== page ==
When asked who his professional role models are, L.A.-based d.p. Rob Hauer, who has lensed some of the best shorts of recent memory, cites some obviously inspirational folks, including Robert Richardson, Emmanuel Lubezki and Robert Elswit. “They show a wonderful range and their work elevates their stories, which I’d like to do as well. And none of them had overnight success — they had to work hard to get where they are, like all of us do.” But he cites other artistic influences too, harkening back to his early study as a still photographer at California State Polytechnic University, San Luis Obispo. Naming Robert Frank, William Eggleston and Sally Mann, he also adds a more recent discovery, Phillip Toledano’s photo essay on his dying father, Days with My Father. “He makes wonderful use of natural light indoors, as well as unique framing and capturing a subject in their environment. The camera really tells a story with each frame, and Toledano’s sparse palette makes his photographs even more stunning,” Hauer says.
After taking a year off after college to work as a ski patroller at Mammoth Mountain in the High Sierras, Hauer attended NYU where he met many of the young directors he continues to work with. “It’s been wonderful [to have these relationships],” he says. “Once you establish a shorthand with a director, it just leaves a lot of room open for more creativity.”
Like many of his photographer influences, Hauer’s work is characterized by the use of natural light, well-chosen locations and deceptively stunning compositions. Among his previous strong shorts are Sara Colangelo’s Little Accidents, Alex Jablonski’s Blue Boy and Rob Meyer’s Aquarium. And this year Hauer’s work could be seen in two A-list festivals. His first feature, Amy Wendel’s grittily naturalistic All She Can (previously titled Benavides Born), premiered at Sundance while Topaz Adizes’s intensely intimate Boy played Critics Week in Cannes. The former was “run-and-gun, Super 16mm, doc-style shooting,” he says. “The camera was on my shoulder 95% of the time.” The latter was one of several films Hauer has shot for Adizes, “a simple story with very little dialogue. It’s about a 10-year-old boy’s first hunting experience, and it was a joy to shoot on Super 35mm anamorphic film with a small crew and natural light — just shaping what was there.”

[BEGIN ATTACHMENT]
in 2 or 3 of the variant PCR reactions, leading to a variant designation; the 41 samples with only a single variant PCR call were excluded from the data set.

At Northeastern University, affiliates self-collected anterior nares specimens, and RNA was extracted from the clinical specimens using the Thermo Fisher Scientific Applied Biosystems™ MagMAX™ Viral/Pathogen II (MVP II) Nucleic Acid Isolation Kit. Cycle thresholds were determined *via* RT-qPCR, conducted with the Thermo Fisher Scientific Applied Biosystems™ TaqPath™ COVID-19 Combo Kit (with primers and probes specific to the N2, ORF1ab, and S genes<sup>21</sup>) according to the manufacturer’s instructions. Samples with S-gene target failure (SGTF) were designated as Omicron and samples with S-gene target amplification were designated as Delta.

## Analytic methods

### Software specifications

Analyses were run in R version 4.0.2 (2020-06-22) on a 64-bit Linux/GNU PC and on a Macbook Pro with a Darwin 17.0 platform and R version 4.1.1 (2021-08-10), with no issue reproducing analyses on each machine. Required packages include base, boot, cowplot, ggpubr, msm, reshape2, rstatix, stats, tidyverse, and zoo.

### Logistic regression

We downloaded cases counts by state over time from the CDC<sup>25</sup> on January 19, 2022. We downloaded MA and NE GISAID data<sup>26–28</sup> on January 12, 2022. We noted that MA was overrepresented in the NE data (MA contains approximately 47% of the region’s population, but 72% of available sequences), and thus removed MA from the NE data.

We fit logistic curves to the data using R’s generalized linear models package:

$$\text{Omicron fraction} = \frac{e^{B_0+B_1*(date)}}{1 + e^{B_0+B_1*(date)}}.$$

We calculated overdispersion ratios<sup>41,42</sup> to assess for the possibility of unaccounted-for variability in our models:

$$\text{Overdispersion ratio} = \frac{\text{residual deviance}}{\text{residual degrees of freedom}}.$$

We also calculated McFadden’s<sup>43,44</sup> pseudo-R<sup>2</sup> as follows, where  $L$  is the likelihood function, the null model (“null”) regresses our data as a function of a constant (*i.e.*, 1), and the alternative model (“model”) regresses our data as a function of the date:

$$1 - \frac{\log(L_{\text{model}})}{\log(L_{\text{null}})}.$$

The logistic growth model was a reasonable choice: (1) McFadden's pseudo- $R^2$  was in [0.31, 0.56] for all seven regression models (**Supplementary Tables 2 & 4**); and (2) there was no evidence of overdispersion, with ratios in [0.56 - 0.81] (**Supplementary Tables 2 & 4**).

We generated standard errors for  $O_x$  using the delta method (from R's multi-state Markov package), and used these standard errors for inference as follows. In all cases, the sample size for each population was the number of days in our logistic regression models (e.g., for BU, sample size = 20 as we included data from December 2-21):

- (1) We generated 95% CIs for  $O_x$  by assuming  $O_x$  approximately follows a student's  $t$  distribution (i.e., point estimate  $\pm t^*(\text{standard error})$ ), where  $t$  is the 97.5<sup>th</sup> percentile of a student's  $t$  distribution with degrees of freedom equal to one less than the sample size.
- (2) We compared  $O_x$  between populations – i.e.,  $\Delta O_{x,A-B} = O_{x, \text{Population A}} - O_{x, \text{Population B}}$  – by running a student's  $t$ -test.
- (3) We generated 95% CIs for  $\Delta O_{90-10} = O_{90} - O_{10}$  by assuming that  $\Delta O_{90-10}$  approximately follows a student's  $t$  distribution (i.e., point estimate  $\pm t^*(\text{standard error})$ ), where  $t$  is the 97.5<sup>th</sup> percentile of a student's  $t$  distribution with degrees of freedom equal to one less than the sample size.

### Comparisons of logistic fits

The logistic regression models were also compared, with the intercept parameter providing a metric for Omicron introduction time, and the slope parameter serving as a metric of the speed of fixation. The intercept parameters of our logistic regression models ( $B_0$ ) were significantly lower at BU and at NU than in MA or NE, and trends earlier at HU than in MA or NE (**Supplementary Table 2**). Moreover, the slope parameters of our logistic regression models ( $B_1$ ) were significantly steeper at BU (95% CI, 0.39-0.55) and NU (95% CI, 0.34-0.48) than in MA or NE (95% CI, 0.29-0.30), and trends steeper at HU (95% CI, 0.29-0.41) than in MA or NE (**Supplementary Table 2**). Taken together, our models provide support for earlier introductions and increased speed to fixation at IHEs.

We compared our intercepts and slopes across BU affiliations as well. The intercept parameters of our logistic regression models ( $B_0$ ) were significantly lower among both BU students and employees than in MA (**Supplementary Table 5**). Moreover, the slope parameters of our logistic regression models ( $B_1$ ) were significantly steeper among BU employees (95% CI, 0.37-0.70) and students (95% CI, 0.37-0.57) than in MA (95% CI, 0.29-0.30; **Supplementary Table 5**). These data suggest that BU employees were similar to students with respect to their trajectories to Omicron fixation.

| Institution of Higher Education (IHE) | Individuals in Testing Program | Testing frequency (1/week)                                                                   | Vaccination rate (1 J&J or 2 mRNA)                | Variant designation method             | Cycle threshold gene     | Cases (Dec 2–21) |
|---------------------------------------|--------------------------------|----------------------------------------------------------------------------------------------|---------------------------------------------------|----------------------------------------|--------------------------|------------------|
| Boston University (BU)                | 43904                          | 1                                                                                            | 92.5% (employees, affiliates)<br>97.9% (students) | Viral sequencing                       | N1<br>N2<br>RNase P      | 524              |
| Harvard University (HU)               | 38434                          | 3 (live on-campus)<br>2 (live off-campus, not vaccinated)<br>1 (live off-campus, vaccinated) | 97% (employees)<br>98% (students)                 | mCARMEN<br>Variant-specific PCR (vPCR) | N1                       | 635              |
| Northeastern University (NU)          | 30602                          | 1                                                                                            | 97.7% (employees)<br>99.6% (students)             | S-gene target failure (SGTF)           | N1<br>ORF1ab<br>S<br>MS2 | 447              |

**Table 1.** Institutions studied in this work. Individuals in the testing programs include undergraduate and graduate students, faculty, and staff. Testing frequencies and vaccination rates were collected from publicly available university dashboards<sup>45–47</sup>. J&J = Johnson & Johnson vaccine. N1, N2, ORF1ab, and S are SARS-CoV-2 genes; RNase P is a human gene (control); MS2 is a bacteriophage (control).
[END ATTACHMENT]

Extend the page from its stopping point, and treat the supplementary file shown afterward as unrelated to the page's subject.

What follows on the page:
Going forward, Hauer says he hopes he can continue to shoot on film when it’s right for the movie — even as he does commercials shot on cameras like Canon 5D. “My hope is that directors, d.p.s and producers can make the choice that’s best for the film,” he says. “Kodak and Fuji are really competitive right now the raw stock, as are the labs. Film is actually more accessible now that it was years ago.” Next up: Jared Moshe’s debut feature, a period western set in the Arizona desert. — S.M.
Contact: Barbara Halperin & Mira Yong at Gersh: (310) 274-6611; robhauer.com